Joining the Rolling Hills Zoo family is a new species of cattle, the Highland. This shaggy-haired, long-horned breed is closely associated with the beauty, mystery and romance of the Scottish Highlands, but underneath all of that hair is a useful and productive breed of cattle.
Now about 5 years old, Freya was purchased from a farmer in Missouri. Named by her keeper Cody, the name Freya is associated with the goddess of love and maternity and is considered a highly feminine choice within classical mythology, meaning “lady”.
Freya’s new habitat is in the former ostrich yard near the Nature Playground. Prior to her arrival, the ostrich were relocated to a more central location in the zoo, closer to the painted dogs.
A descendant of the native cattle of Scotland, the Highland breed is best known for its survival qualities, hardiness, maternal abilities, reproductive efficiency and longevity. Highland cattle thrive on rough forage and in cold, wet climates. Like the other Scottish beef breeds, the Galloway, Belted Galloway and Angus, the Highland is celebrated for the excellence of its beef.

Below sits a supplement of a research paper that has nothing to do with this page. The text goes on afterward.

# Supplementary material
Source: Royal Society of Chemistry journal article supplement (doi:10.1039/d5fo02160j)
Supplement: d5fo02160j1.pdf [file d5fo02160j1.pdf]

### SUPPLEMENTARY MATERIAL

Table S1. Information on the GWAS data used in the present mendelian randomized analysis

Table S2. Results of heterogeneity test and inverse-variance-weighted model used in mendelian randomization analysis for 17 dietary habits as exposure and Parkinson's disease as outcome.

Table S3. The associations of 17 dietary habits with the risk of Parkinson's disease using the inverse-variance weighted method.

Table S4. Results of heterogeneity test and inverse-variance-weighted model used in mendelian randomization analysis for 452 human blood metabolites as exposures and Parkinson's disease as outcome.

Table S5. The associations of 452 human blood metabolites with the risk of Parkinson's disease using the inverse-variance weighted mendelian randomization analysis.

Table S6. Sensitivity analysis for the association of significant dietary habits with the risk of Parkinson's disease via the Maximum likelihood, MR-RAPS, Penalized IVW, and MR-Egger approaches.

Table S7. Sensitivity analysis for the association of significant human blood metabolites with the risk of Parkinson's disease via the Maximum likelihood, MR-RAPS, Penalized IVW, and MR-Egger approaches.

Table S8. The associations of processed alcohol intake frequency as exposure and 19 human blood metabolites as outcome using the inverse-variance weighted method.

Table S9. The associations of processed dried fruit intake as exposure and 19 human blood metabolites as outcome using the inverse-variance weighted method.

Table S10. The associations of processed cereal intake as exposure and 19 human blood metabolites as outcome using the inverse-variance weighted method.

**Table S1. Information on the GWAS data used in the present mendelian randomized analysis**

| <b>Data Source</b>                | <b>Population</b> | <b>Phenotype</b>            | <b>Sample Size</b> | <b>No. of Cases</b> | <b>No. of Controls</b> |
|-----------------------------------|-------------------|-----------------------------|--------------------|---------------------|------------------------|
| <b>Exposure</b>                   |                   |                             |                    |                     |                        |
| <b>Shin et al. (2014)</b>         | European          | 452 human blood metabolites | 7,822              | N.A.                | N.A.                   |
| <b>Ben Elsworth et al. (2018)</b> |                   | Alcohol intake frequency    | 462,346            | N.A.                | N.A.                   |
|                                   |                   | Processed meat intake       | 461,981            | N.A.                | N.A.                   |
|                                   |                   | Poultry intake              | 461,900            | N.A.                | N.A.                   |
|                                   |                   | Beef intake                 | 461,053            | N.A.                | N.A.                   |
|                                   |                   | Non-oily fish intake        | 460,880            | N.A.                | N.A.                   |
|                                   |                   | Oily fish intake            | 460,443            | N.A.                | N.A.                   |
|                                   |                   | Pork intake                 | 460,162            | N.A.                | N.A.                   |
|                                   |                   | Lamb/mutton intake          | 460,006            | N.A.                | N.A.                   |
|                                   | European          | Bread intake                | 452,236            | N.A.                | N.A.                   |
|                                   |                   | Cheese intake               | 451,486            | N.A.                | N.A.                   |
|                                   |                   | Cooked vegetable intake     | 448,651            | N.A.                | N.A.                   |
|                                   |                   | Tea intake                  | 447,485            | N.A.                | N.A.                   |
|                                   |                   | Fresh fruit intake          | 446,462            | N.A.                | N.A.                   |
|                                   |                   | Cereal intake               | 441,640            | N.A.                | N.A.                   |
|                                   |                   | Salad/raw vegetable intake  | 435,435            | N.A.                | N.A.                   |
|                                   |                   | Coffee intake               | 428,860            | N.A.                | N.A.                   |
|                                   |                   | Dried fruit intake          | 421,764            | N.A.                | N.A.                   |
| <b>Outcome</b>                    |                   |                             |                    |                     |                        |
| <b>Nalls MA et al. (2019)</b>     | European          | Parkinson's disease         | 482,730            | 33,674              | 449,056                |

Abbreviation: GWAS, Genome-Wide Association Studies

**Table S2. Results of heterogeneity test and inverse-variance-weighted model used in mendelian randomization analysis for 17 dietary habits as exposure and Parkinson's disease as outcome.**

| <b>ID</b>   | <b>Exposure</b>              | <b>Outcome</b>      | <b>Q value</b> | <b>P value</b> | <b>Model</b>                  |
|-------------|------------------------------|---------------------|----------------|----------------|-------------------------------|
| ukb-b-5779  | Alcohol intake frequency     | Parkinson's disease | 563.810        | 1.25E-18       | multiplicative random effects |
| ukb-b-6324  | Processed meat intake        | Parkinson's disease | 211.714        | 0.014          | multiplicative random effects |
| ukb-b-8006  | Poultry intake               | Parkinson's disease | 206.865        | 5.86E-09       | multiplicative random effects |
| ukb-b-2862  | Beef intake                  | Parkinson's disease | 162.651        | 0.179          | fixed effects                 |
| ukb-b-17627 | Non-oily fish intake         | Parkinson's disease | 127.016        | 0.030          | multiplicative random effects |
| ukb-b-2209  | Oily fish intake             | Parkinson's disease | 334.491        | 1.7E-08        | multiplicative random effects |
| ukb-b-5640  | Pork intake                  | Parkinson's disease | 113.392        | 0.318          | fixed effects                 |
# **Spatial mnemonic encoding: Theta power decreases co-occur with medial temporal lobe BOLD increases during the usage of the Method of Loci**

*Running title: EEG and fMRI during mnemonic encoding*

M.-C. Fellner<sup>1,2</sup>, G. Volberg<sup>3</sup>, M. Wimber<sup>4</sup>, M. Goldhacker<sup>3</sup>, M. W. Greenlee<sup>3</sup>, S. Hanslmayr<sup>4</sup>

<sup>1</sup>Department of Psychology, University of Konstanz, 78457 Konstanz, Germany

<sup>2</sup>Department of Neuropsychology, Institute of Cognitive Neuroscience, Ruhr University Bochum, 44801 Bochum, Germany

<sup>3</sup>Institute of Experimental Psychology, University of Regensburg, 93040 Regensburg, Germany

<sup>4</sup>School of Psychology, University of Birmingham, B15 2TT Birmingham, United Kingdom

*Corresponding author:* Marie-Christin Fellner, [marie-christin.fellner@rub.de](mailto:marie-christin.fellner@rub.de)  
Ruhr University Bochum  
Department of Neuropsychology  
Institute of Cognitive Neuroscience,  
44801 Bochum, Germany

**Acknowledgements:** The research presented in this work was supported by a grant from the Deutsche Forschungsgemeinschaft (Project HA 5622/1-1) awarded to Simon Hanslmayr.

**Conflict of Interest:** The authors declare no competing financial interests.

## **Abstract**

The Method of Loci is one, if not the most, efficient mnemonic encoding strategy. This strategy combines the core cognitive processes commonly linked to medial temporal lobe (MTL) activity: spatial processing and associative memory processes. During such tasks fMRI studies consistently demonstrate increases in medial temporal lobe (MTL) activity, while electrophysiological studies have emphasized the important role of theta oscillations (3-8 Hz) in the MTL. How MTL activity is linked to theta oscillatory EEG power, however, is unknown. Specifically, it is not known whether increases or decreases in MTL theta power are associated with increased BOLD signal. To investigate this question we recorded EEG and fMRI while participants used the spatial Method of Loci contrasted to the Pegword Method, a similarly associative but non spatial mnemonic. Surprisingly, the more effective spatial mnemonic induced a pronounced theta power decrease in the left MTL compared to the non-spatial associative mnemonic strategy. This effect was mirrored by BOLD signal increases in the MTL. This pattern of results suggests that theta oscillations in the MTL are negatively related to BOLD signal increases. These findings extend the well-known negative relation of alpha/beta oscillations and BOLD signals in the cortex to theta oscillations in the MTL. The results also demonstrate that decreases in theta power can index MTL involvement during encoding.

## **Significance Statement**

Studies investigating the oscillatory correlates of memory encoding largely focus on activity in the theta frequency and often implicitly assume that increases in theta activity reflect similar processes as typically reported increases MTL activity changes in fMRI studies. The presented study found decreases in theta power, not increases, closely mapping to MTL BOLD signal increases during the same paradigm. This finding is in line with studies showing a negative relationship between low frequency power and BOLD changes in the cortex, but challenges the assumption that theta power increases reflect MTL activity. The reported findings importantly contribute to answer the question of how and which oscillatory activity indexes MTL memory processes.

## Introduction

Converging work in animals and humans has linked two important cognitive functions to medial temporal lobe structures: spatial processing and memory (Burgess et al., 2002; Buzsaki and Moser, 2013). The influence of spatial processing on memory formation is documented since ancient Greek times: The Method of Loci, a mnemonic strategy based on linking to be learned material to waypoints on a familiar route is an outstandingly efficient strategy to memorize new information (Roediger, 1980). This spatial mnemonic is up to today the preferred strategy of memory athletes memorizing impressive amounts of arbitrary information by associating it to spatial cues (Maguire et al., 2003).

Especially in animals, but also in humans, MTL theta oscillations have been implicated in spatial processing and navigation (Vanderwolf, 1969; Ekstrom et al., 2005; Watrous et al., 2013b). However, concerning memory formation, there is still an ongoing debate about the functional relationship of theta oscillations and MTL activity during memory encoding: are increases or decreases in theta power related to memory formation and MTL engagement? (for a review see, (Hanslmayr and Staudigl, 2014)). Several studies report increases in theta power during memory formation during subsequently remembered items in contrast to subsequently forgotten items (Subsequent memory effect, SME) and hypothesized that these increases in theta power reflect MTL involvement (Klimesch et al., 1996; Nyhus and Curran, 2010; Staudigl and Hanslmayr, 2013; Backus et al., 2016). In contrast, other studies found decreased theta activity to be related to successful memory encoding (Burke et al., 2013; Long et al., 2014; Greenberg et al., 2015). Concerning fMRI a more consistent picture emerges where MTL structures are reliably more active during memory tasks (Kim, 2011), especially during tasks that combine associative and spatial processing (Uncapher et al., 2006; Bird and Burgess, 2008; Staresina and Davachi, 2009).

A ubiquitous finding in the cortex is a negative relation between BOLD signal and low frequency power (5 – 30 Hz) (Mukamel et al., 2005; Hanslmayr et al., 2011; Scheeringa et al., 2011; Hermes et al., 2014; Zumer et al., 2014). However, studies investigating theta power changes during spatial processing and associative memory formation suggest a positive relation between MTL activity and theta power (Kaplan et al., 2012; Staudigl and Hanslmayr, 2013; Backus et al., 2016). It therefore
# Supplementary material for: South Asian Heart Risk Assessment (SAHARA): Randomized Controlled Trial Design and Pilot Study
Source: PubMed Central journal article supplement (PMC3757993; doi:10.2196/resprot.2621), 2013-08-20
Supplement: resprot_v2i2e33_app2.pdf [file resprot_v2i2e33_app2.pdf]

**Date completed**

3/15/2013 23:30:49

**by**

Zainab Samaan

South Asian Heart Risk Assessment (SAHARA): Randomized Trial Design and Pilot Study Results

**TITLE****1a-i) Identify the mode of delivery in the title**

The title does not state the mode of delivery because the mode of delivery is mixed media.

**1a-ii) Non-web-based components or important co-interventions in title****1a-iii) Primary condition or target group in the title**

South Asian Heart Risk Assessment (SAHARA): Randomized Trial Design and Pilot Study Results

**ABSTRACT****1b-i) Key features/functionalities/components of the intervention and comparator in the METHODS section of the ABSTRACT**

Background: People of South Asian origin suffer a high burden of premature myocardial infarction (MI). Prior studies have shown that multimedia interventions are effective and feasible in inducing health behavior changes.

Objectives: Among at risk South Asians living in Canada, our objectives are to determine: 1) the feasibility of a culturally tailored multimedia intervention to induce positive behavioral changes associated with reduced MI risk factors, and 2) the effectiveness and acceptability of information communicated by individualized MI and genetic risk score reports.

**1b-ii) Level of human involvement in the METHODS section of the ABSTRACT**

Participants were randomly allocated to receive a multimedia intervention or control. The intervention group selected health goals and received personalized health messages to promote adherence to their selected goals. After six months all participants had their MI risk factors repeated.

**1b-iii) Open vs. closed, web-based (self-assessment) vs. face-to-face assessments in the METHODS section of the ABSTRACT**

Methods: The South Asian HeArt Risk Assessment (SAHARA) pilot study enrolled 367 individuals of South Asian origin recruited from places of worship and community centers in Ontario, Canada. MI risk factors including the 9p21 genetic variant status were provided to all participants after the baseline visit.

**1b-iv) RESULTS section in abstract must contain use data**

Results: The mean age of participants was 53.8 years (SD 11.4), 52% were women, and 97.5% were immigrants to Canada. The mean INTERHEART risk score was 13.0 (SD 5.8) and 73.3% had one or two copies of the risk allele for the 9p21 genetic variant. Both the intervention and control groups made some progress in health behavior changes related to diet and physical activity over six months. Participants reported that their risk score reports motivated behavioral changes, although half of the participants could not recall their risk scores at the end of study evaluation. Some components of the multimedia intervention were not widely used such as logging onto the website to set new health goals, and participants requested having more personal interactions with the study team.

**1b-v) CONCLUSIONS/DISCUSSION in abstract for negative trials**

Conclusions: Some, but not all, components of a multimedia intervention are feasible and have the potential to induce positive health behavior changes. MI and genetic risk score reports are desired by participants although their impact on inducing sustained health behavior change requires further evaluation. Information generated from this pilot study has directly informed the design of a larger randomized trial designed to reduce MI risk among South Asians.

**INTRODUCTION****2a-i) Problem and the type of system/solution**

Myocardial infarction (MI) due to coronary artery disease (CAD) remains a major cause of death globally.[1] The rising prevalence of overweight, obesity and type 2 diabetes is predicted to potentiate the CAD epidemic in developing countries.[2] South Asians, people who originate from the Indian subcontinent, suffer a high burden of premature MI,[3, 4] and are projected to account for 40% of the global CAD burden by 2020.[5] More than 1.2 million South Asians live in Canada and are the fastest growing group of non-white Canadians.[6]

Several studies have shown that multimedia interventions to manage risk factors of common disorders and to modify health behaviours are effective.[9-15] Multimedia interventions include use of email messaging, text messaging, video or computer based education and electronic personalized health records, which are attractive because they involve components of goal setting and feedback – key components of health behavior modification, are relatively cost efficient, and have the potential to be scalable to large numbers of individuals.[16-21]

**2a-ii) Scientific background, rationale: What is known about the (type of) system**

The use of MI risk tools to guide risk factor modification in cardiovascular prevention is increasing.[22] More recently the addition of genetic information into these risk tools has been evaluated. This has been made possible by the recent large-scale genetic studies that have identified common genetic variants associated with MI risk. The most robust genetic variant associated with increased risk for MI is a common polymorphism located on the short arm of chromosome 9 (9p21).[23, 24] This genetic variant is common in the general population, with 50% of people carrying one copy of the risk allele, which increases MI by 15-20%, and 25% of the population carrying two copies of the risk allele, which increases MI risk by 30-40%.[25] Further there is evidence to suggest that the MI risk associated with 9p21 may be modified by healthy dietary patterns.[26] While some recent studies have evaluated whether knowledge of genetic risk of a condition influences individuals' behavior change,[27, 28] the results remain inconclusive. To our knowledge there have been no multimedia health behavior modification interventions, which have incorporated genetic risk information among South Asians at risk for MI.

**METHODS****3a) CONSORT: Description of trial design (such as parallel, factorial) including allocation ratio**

The early history of Highland cattle is not well recorded, though the breed was improved during the 1800s through natural selection. Highlands are medium in size, with cows weighing 900 to 1,300 pounds and bulls 1,500 to 2,000 pounds. They have long, shaggy coats that are most commonly light red, but many other solid colors are also seen, including black, brindle, cream, dun (a dull grayish brown), red and white. The horns of the Highland cows sweep out and up, while those of the bulls are horizontal with upturned tips.
In 2019, Highland breed became numerous enough to graduate from the Livestock Conservancy’s Conservation Priority List, meaning that there are more than 1,000 annual registrations in the United States and more than 25,000 animals registered globally.
Their dramatic shaggy coats and long horns make them true conversation starters for agritourism operations. While this breed has become an international resource for beef production in marginal landscapes, another important use is conservation grazing, securing their niche as productive partners in effective range management around the globe.